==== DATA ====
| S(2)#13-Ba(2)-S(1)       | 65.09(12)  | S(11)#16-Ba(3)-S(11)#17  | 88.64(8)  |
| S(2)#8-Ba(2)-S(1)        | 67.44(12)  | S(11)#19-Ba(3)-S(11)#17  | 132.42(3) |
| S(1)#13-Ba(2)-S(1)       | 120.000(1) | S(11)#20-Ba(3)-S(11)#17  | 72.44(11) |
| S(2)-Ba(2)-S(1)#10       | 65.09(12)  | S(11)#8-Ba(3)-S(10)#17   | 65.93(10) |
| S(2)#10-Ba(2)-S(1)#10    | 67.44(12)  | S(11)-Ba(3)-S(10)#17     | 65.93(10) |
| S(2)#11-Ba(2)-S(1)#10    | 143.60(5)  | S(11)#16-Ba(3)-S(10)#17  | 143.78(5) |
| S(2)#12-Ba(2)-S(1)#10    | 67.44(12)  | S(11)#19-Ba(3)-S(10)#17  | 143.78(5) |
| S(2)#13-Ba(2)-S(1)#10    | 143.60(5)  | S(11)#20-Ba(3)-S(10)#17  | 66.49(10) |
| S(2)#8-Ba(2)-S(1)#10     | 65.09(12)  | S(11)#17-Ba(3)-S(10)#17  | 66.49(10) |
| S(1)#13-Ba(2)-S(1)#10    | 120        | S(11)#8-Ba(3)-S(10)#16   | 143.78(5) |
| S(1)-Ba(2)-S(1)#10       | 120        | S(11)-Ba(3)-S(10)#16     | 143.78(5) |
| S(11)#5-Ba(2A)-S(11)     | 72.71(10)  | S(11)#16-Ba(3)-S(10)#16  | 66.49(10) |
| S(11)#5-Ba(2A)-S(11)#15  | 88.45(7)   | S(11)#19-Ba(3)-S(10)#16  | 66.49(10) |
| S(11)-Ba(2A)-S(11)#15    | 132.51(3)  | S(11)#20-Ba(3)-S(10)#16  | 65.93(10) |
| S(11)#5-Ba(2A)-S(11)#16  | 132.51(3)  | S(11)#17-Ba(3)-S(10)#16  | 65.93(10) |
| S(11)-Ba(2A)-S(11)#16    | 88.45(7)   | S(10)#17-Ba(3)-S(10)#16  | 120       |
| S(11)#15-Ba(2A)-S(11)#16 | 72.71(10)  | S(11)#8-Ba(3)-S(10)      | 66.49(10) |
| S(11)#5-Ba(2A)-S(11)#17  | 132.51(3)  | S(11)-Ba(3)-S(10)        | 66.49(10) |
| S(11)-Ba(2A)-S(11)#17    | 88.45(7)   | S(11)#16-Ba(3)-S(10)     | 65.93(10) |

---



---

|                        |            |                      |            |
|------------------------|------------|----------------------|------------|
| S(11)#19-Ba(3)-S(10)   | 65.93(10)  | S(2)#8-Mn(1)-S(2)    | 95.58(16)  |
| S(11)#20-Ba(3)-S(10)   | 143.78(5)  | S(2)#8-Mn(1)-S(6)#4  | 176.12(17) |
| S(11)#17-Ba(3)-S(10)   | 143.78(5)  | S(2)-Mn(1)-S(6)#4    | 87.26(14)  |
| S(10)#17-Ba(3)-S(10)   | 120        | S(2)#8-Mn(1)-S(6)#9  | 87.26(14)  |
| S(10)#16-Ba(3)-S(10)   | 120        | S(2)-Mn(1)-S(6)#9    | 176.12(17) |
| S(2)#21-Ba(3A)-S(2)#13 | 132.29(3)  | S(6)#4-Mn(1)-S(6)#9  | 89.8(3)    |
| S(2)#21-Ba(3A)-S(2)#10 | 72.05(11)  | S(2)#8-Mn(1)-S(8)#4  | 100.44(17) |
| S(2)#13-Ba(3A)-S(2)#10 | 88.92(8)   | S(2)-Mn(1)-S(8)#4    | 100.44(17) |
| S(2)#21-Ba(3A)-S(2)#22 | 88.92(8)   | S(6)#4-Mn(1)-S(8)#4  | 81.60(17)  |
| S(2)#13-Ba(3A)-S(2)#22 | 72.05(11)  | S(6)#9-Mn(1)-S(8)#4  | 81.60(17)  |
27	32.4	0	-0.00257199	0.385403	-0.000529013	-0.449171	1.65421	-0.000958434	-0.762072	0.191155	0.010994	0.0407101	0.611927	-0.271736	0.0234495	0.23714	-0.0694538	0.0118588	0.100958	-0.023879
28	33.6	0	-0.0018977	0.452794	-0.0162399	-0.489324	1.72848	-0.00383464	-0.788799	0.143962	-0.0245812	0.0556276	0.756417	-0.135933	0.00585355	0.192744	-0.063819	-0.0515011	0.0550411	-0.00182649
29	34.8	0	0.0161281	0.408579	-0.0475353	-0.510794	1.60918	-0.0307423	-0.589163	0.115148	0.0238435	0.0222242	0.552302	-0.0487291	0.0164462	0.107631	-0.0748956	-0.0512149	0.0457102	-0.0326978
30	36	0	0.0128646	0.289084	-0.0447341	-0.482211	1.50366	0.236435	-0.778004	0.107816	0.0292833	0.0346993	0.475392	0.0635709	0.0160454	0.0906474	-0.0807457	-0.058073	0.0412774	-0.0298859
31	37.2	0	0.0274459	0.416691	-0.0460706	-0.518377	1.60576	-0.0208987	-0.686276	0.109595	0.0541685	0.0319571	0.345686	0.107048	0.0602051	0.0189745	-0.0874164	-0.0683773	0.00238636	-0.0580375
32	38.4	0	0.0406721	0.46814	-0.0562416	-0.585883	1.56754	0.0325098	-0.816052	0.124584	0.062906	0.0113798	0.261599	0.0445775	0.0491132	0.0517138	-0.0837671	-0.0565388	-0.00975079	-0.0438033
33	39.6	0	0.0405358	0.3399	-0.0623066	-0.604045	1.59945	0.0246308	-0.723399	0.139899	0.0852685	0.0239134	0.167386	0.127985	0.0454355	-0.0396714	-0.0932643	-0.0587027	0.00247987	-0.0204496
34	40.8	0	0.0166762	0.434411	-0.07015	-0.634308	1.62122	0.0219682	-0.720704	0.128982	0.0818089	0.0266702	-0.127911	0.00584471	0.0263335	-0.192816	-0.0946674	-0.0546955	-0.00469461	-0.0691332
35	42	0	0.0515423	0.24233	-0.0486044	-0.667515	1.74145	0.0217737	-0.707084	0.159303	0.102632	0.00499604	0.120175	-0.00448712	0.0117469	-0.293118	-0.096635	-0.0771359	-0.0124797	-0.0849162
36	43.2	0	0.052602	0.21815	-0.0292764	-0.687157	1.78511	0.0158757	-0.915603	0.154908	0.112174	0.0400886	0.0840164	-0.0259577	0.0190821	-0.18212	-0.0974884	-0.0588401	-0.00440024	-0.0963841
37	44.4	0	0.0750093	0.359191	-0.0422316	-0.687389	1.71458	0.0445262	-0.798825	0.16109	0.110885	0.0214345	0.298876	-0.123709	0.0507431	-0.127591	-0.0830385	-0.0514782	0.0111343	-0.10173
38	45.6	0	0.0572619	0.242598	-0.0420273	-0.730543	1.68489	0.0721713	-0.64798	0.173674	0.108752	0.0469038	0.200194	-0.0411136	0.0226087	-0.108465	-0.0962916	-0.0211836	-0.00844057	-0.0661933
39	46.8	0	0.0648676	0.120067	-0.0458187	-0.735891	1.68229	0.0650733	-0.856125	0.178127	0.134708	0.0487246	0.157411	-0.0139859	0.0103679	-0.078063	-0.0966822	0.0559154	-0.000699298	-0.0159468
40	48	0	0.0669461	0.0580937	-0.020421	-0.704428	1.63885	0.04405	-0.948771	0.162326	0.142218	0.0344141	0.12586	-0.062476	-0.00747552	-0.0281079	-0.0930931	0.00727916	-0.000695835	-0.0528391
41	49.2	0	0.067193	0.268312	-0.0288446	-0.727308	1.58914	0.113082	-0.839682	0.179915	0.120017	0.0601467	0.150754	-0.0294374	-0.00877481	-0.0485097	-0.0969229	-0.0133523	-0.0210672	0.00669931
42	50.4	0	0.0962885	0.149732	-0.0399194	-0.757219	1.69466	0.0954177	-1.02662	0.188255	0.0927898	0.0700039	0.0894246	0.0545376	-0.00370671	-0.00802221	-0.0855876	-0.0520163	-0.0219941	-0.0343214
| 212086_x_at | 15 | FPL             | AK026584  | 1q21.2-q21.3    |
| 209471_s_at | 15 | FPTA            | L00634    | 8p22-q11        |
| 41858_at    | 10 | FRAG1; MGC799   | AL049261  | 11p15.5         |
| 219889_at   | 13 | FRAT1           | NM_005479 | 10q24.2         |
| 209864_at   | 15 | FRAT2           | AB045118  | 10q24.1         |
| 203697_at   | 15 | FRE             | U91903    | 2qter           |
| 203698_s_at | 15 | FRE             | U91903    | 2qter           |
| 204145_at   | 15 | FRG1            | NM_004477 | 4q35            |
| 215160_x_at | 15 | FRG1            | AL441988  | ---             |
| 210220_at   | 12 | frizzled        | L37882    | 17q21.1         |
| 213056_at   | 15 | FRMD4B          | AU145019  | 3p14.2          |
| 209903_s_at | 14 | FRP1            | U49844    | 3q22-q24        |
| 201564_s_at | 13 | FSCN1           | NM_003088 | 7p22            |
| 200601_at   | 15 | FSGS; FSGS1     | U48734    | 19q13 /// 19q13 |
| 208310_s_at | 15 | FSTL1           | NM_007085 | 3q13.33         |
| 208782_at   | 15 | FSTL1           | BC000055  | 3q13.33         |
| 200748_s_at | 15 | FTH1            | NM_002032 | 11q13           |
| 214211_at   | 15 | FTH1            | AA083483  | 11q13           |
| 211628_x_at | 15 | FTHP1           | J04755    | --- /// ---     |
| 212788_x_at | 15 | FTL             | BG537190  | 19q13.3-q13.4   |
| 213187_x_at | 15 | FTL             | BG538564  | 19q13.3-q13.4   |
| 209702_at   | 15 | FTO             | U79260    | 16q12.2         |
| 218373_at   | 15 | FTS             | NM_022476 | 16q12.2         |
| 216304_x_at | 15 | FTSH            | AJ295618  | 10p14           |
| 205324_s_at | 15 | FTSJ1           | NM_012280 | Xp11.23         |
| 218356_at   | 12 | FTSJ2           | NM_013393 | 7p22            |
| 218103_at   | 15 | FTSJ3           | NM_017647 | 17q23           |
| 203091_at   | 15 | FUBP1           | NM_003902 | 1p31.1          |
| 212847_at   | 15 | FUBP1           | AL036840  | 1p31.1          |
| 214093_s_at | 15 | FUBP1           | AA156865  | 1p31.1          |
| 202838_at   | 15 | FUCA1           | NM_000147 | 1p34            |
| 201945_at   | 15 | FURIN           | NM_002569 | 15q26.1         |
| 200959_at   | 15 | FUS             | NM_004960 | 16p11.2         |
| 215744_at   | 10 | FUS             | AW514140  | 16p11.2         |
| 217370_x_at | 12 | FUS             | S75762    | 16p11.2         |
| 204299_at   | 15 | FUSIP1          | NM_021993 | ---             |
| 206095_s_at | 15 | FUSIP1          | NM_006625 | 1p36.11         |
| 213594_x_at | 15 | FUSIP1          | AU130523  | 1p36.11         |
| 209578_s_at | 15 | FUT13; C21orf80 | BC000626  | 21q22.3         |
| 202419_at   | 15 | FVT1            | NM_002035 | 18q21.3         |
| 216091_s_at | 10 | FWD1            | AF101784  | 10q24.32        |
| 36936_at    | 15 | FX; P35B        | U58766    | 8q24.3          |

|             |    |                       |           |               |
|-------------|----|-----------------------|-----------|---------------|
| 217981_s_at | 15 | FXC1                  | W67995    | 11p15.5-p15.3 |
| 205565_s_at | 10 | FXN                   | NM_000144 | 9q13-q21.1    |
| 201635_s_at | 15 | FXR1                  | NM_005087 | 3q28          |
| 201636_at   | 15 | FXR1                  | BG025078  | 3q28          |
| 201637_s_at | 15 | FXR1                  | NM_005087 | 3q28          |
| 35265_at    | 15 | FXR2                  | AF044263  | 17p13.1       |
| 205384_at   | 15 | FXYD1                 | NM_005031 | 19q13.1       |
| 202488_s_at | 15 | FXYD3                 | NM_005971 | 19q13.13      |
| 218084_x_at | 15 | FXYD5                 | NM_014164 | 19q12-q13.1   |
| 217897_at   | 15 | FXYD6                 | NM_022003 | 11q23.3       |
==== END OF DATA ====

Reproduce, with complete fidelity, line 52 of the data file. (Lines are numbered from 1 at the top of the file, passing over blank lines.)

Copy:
| 41858_at    | 10 | FRAG1; MGC799   | AL049261  | 11p15.5         |